You are using an outdated browser.
Please upgrade your browser
and improve your visit to our site.

Protecting Native Elders in a Pandemic

“We are who we are because of the people who raised us,” said Deb Haaland, one of two Native women in Congress.

Maturen/Getty Images

The coronavirus has reached every state in the country, and the impact on Indian Country is no different as the virus has spread quickly through tribal nations. Health care systems in Native communities, rural and urban alike, are overwhelmed with staffing and equipment needs. And reporting on the crisis all blares the same dire message: Tribal nations are not prepared for a pandemic of this breadth, and Congress is once again doing too little to help them respond.

This is not a new story. The coronavirus is novel; the fatal fallout from congressional underfunding is not. And so, as this virus continues to spread, it feels important to state the stakes as we see them: Powwows have been canceled, and casinos are closed up; community houses have bolted their doors, and colleges have sent their students home. Tribal economies on the whole are hurting, and the recessionary tail of the pandemic will be long. But even as the economic realities weigh heavy, the face of the crisis remains profoundly human: It’s the risk of losing our elders that has many Native people bracing for impact.

It’s hard to overstate the importance of Native elders to their families, tribes, and communities. These are people who fought on the frontlines to withstand American assimilation. They fostered our languages and our traditions. They carry with them stories and memories that will fade when they pass, precious fragments of their tribe’s collective story. But more than being living carriers of cultural knowledge, they’re our parents, our grandparents, aunties, and uncles. As Representative Deb Haaland, a Democrat from New Mexico’s 1st District, a citizen of the Pueblo of Laguna and one of two Native women in Congress, put it to me, “We are who we are because of the people who raised us.”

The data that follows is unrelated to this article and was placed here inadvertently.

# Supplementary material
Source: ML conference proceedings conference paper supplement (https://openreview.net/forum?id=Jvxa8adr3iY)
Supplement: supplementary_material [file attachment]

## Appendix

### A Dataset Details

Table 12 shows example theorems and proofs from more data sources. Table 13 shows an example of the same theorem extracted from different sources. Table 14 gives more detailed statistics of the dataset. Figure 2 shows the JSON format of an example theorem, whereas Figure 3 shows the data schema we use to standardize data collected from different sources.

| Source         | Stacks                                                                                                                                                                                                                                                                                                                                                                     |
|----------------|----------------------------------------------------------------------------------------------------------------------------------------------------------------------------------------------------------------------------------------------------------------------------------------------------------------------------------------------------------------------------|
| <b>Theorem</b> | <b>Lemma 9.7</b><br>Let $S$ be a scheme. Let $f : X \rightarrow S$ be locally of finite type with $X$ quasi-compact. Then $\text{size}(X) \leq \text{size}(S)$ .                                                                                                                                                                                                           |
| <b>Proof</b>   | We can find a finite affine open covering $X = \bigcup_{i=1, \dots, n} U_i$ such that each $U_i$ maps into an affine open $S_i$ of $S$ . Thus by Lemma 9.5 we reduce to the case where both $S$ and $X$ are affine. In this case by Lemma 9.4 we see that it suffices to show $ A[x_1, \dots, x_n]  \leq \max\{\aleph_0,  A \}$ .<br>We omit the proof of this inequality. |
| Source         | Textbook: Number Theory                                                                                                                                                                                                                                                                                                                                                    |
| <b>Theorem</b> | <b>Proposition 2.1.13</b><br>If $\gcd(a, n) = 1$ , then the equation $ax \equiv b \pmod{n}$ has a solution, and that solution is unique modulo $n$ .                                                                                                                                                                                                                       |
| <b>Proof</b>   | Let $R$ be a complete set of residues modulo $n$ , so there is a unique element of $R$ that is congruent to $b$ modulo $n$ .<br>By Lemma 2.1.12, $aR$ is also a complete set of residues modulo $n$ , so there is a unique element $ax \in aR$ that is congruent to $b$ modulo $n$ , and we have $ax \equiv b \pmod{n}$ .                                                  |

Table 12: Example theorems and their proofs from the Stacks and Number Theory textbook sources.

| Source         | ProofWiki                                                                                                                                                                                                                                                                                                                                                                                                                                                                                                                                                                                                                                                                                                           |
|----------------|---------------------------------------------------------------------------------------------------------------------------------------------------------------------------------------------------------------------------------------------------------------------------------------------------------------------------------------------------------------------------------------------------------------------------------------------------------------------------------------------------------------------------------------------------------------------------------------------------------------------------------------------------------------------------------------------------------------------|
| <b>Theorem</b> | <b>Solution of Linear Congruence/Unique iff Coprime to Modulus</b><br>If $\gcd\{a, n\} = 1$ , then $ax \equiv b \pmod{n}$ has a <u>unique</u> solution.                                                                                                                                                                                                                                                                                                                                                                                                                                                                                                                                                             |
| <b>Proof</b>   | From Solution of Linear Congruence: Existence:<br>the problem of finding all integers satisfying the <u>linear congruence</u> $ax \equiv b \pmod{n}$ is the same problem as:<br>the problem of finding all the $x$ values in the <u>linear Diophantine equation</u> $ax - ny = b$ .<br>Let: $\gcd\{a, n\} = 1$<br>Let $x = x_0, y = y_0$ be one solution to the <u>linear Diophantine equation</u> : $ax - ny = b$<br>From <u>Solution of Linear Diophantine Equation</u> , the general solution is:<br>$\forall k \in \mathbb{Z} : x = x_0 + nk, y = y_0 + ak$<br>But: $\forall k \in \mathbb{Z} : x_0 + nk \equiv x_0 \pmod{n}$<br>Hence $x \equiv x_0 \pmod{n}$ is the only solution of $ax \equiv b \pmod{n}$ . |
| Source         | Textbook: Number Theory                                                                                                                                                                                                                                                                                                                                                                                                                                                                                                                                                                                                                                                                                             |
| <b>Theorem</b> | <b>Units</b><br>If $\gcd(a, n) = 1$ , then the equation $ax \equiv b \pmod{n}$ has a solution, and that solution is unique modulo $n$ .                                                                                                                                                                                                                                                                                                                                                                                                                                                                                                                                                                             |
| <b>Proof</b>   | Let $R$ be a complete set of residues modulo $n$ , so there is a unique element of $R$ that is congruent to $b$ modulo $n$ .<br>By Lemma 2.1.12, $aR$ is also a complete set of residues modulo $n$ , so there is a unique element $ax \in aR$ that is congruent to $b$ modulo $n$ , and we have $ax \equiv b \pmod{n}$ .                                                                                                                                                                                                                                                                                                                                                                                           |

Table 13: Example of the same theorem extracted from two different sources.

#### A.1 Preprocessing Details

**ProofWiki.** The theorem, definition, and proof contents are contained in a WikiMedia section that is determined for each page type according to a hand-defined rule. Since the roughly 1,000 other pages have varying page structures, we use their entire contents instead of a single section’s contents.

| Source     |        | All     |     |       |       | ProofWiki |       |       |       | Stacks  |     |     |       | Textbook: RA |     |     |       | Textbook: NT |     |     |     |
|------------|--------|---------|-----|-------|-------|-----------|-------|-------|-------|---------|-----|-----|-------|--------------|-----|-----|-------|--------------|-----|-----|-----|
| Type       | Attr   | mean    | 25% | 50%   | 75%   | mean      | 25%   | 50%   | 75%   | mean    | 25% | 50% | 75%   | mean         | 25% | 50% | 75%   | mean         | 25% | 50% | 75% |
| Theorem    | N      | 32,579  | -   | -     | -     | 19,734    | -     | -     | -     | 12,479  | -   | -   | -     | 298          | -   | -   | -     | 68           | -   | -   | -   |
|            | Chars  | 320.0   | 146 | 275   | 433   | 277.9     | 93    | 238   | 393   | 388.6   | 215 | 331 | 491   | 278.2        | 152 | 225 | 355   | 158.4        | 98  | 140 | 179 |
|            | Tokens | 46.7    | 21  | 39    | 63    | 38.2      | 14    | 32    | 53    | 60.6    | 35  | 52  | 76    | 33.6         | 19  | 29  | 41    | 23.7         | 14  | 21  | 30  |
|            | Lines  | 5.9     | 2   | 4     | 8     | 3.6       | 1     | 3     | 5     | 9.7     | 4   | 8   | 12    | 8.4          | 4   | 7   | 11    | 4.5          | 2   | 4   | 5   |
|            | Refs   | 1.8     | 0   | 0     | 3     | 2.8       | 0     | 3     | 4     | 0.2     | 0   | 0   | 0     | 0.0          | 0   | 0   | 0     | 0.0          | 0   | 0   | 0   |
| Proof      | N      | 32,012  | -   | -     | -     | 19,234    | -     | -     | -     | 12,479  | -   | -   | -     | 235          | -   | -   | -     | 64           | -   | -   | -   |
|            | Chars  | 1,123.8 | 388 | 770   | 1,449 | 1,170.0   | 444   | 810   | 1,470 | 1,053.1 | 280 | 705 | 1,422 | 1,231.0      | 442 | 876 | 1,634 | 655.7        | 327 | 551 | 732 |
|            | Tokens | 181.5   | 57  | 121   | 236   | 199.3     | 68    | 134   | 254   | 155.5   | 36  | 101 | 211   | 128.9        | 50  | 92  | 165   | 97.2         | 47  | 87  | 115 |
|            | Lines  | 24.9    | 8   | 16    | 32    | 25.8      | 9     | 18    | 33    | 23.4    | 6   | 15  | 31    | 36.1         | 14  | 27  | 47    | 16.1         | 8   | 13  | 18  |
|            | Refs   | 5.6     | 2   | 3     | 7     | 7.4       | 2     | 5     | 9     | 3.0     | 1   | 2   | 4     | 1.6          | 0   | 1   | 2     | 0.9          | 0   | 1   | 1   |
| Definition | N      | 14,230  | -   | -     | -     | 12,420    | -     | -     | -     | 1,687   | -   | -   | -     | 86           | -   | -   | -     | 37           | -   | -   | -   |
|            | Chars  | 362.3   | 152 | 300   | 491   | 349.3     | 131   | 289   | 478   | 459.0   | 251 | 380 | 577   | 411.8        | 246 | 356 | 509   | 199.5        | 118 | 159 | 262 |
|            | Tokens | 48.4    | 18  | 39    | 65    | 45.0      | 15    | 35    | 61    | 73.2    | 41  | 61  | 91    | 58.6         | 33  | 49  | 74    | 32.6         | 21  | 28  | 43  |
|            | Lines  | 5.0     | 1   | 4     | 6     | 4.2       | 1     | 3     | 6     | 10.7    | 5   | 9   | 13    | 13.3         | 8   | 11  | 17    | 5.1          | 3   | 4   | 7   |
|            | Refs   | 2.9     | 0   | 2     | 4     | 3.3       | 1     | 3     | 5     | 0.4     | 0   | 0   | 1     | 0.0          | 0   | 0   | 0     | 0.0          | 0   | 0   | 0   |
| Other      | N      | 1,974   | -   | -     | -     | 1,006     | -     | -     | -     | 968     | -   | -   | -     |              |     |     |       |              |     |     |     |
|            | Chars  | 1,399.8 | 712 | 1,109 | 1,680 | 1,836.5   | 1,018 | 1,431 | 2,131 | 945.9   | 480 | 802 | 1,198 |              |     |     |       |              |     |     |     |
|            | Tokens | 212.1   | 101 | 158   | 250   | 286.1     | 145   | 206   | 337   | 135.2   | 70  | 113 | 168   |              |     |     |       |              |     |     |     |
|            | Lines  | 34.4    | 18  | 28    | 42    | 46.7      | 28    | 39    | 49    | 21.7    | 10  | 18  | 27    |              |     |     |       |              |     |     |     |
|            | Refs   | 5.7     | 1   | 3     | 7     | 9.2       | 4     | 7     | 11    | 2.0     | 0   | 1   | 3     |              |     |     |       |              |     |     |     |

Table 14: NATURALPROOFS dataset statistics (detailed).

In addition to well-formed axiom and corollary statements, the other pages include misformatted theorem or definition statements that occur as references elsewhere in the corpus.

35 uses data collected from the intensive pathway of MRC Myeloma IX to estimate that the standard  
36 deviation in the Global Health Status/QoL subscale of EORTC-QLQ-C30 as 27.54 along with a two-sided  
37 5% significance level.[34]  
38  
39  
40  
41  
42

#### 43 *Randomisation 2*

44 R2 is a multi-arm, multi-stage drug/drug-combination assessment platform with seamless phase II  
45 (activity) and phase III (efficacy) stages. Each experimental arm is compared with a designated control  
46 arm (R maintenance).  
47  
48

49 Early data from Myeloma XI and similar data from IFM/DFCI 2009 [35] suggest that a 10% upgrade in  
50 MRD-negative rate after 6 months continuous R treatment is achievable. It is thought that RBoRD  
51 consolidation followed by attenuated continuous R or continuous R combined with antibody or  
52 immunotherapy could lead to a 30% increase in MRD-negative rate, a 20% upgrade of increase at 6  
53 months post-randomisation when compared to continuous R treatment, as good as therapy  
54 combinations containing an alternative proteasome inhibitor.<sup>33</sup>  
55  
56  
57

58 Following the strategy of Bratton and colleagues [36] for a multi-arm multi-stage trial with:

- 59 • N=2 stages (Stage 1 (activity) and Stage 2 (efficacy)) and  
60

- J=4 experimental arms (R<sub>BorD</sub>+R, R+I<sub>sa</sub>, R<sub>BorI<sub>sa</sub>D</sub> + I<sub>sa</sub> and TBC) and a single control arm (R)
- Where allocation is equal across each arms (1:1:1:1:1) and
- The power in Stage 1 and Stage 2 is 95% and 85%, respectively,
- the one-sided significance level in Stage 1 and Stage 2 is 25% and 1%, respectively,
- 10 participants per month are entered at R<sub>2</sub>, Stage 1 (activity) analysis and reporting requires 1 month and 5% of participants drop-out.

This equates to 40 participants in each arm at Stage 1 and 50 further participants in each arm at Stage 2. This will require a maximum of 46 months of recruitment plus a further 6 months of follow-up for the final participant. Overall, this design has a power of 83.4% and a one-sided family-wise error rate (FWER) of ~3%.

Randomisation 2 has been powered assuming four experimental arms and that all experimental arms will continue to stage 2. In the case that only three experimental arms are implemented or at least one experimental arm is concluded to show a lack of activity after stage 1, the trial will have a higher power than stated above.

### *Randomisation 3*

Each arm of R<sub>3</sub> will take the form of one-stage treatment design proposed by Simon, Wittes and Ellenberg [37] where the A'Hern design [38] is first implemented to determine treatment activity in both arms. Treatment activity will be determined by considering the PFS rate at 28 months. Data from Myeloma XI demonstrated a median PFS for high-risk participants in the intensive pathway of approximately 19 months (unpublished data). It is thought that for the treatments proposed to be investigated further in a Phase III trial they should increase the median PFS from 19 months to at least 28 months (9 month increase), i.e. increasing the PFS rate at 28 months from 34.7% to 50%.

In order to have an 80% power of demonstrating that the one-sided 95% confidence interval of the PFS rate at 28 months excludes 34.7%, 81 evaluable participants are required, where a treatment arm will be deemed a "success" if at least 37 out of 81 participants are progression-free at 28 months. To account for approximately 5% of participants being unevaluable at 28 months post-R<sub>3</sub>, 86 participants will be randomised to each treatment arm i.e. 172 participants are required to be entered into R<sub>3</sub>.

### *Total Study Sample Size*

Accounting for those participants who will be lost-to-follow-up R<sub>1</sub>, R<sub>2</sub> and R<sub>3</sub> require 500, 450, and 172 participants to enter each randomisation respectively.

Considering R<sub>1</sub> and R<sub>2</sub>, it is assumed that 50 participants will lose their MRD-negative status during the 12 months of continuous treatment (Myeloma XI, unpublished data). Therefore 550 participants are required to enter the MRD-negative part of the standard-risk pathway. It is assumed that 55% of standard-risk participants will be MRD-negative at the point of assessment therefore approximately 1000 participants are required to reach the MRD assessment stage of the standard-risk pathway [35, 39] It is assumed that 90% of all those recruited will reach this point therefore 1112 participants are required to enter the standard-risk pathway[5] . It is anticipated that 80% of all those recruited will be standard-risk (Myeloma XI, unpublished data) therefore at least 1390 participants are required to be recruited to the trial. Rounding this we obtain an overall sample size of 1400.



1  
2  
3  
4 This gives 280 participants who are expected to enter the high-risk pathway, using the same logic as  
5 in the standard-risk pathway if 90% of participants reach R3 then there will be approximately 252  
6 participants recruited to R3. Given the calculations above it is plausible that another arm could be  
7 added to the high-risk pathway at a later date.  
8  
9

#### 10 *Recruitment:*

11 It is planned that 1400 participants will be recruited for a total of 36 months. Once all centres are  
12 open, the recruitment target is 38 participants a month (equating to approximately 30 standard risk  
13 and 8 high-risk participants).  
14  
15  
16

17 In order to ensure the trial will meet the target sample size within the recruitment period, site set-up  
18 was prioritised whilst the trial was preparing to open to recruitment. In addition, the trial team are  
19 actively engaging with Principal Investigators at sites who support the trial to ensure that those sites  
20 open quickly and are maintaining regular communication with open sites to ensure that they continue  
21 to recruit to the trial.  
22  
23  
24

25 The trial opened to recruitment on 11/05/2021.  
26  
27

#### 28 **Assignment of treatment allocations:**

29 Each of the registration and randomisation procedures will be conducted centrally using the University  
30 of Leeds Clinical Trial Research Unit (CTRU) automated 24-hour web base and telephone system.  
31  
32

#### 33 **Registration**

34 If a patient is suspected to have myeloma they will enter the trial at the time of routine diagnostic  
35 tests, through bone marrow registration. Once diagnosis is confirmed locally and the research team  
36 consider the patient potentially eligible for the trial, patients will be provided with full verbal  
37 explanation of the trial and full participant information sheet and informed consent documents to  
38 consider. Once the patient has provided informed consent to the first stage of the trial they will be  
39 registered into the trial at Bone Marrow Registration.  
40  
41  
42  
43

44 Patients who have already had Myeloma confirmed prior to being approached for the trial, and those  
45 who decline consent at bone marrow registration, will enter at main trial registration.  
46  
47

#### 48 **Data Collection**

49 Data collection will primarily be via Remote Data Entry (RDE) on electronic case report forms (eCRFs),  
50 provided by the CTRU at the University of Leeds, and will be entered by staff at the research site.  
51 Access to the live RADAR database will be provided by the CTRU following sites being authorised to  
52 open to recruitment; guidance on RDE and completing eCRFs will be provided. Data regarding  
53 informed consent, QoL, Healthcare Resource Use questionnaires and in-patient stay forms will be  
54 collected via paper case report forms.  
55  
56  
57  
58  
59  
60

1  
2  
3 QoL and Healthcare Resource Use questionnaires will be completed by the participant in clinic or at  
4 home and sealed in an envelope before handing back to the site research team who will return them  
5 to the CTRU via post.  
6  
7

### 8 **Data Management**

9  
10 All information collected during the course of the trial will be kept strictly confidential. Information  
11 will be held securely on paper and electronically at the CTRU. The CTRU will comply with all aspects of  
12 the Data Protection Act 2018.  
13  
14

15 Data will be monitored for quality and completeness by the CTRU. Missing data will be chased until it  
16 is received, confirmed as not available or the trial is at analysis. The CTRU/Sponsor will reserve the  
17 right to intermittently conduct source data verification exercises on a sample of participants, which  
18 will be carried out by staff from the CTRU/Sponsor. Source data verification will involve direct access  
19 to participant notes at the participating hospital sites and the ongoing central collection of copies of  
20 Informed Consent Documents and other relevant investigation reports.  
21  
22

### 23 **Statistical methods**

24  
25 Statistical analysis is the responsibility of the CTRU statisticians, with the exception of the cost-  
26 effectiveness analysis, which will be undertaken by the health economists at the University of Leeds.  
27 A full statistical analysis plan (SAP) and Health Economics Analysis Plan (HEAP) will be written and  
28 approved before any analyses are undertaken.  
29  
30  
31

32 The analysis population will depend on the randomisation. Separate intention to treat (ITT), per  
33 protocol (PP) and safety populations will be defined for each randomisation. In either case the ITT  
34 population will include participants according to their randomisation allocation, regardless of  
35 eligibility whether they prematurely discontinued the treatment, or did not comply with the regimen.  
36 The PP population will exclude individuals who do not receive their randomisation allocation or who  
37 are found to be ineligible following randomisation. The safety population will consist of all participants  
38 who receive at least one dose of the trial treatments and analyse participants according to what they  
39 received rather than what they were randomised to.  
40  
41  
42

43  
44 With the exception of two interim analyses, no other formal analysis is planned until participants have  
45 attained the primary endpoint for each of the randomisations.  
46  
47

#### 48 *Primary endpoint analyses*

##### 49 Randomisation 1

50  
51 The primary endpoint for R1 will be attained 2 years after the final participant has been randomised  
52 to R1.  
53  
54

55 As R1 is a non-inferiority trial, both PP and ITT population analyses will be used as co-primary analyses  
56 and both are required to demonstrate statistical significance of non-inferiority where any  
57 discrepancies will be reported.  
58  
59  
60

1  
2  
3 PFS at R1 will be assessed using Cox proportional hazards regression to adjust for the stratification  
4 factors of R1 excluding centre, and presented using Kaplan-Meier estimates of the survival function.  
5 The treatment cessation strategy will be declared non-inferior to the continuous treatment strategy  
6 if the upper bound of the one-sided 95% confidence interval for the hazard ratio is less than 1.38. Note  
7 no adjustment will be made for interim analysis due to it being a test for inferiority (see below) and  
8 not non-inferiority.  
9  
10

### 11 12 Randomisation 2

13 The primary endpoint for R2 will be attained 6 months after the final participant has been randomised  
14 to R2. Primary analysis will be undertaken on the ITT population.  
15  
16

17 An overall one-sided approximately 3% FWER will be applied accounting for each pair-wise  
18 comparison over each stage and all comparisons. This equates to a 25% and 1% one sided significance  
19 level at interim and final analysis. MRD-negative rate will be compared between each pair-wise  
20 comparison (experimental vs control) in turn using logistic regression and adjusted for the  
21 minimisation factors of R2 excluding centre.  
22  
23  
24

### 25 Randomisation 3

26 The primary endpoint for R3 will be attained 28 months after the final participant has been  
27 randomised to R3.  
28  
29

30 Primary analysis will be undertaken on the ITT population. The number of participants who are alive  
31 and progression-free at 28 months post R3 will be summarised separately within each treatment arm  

Speaking with The New Republic by phone on Wednesday evening, Haaland explained that she has been under quarantine since she returned to Albuquerque nearly two weeks ago. Her mother is currently in an assisted living facility on Isleta Pueblo, a 20-minute drive down the road. The facility is under lockdown, so no in-person visitors are allowed, but Haaland said the first thing she plans to do when she’s able to exit her quarantine on Saturday is go to her mother’s window and finally see and speak with her again face to face.